Author Q&A: Elizabeth Lee

Cunning Women

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In the shadow of the Lancashire witch trials, a family of cunning folk live on the outskirts of a village, in a hamlet abandoned by others since the plague. The Haworths are outcasts by day but under the cover of darkness the community relies on them for protection. But who is protecting the Haworths? When a new magistrate arrives in town, and young Sarah meets a local farmer’s son and decides to live a conventional life, the fragile weave holding the community together begin to fray. And even if the villagers can accept Sarah, can she tame the wildness within? 

Tell us about the love story at the heart of Cunning Women.
It’s really a story about two outsiders who find a connection with each other. Sarah is the daughter of the local cunning woman, her family poverty stricken and regarded with suspicion. Daniel is the farmer’s son but considered unmanly and unworthy of his inheritance. When they find in each other someone who sees them and values them as they truly are, it’s a new and magical feeling for them.

What was the difference between cunning folk and witches, and have the Haworth family escaped persecution because of that distinction?
Cunning folk were generally considered to have a more benevolent kind of magic, used to heal, help find lost belongings or free a person from a curse. Witches stole your belongings and were the ones who cursed you in the first place! In the book the Haworths tread this line carefully, though they are known to stray into curses when angered. They have partly escaped persecution because the locals rely on them for their cunning ways, although there is another reason they’ve been protected, which is revealed in the book. I can’t say any more – spoilers!

In Lancashire we know the names Demdike and Chattox but are there historical accounts of cunning folk too?
There are mentions of cunning folk in legal cases even before the Pendle Witch Trials that involved Old Demdike and Mother Chattox, although they were often not named. One famous case involved the cunning man Edmund Hartley, who was summoned to heal the Starkey children, as they were believed to be possessed by demons. When he was witnessed practising a ritual in the woods he was accused of summoning the demons himself, and later confessed to this, once again showing how delicate the line between cunning folk and witchcraft could be.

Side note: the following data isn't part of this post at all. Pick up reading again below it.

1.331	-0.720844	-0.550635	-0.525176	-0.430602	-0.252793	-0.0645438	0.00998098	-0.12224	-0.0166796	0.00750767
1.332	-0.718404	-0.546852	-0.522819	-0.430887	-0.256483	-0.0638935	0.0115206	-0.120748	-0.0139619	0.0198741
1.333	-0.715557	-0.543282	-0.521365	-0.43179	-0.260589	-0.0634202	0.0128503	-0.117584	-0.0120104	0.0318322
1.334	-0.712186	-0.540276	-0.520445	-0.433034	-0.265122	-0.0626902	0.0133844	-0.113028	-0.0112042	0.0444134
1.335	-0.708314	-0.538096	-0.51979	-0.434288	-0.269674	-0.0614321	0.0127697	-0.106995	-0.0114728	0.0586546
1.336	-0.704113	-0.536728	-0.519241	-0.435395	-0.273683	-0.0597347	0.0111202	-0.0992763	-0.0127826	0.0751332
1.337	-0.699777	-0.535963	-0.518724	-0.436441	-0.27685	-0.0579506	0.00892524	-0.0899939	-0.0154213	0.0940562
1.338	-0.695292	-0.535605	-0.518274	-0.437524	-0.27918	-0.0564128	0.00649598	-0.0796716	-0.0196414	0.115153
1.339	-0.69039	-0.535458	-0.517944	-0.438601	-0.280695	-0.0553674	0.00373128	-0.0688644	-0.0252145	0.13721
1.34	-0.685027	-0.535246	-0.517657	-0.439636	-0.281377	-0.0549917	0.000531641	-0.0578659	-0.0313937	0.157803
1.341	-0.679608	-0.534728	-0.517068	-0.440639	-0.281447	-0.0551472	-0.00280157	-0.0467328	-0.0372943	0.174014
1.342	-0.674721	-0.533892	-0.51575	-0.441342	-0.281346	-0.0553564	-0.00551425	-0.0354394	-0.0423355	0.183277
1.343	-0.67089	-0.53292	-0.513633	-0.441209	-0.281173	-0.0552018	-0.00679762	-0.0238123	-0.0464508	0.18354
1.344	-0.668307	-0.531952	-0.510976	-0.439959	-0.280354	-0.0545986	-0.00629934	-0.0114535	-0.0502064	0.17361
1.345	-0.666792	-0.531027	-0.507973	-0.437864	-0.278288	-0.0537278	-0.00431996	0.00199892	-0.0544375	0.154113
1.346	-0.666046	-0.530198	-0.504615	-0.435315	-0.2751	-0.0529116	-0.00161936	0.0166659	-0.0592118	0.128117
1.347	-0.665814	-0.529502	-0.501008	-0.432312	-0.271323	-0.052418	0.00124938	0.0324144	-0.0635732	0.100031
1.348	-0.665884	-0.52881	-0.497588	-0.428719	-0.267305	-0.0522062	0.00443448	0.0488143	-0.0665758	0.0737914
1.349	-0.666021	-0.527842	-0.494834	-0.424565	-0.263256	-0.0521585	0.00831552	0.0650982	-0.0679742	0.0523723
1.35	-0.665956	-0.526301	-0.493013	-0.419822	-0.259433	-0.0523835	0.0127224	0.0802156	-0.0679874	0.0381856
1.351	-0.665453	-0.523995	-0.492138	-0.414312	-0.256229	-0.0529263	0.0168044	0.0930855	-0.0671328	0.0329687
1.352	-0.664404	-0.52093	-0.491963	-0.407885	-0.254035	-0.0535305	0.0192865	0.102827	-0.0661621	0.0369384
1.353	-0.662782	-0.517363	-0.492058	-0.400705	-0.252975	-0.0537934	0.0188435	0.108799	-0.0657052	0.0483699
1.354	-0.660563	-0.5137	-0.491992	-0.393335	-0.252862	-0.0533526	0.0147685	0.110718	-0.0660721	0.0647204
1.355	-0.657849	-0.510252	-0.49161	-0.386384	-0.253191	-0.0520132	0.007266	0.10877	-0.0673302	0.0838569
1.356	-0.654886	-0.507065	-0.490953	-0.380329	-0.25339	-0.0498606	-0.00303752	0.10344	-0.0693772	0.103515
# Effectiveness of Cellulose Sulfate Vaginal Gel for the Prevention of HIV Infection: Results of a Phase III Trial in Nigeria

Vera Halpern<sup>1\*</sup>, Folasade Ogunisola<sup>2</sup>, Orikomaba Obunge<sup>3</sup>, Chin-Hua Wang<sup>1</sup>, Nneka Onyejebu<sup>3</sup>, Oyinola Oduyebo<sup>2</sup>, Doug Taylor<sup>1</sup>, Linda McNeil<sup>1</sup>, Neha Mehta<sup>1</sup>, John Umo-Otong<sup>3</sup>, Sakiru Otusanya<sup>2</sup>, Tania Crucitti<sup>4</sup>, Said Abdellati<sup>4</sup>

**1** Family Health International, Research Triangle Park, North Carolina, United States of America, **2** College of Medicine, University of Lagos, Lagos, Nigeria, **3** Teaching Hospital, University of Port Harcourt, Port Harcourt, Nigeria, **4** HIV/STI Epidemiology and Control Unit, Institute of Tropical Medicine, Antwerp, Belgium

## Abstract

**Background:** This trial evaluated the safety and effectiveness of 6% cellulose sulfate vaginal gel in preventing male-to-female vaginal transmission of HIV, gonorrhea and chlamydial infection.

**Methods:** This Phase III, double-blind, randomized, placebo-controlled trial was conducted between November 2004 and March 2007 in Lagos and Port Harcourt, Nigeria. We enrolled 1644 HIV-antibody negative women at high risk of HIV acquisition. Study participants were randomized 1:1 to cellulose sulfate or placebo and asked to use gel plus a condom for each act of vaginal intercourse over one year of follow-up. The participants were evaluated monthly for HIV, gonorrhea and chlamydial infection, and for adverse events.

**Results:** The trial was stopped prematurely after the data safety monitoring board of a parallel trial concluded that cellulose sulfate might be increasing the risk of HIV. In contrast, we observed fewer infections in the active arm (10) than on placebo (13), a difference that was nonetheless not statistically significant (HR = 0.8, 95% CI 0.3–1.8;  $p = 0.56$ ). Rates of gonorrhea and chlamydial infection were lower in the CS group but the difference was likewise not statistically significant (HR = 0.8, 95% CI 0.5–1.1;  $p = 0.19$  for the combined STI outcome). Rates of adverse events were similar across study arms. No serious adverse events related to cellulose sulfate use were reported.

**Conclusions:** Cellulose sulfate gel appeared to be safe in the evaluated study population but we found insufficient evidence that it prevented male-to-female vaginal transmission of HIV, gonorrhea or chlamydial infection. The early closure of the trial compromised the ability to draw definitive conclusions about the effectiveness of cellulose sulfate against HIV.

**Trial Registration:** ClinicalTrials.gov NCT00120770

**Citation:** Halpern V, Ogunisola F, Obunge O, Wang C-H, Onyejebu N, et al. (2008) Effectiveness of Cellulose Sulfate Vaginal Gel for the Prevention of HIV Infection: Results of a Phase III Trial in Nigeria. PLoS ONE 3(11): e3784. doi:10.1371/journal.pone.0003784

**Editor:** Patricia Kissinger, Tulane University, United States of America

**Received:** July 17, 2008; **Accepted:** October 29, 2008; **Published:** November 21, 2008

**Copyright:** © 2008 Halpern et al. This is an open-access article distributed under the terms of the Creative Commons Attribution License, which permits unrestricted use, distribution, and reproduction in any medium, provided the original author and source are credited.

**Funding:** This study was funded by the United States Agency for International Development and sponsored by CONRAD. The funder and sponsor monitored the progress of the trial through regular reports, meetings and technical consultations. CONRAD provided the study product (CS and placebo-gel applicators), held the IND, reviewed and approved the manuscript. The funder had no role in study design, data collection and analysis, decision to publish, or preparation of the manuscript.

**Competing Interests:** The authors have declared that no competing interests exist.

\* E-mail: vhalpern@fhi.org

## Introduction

The women in the family do, however, believe they are marked by the devil and destined to do his bidding. Was it important for your characters to take control of that image?
Yes, especially for Sarah. Much of her struggle in the book is with this fate that she has not chosen – there are parts of this life she longs to reject and parts she is drawn to. I wanted to explore what happens when a person is told what they are, and how strongly that might affect their own sense of identity. Throughout the book, she moves from fearing her destiny to feeling that she has power over how she uses it.

Modern feminism claims witches as its martyrs, taking the early modern trials to represent the persecution of women living outside conventional society and threatening patriarchal institutions. Do you agree?
To a large extent, yes, and this is certainly the case with the characters in Cunning Women. They believe they have magical powers and can be tempted to use them to do harm, so are perhaps not wholly innocent. However, they are vulnerable, easy to scapegoat and regarded with suspicion, in part because they are women in the strongly patriarchal society of the time.

While witches in Lancashire in the 17th century were a scapegoat for the social tensions thrown up by Protestant reformation, in your story it’s the Haworth brother, John, who is ultimately condemned. Why was this an important plot point?
I’m interested in outsiders, and so John is a character that I was particularly fond of. The whole family are outcast, but even in this situation John doesn’t “fit” – he is not marked and so doesn’t share the fate of Sarah and Mam, but he is also unable to support them in a conventional way or find a place in the village. He is an outsider even in his own family. I also wanted to explore the depths that basically decent people can sink to when they are afraid and threatened, and how people who are frightened can become people who are dangerous and susceptible to groupthink. So what happens to John is important from that point of view too.

Do you think historical fiction authors will look back on Covid times and find strange themes, just like they do about times of plague now?
I do think that this period will be explored by historical fiction writers of the future! Although I think that the themes may well overlap the ones that are apparent when writing about the time of plague and witch trials – this is a situation that has thrown light on the inequalities that still exist in our world today, and has also highlighted issues of loneliness, isolation and the need for community. Not so different, really, from those explored in Cunning Women.

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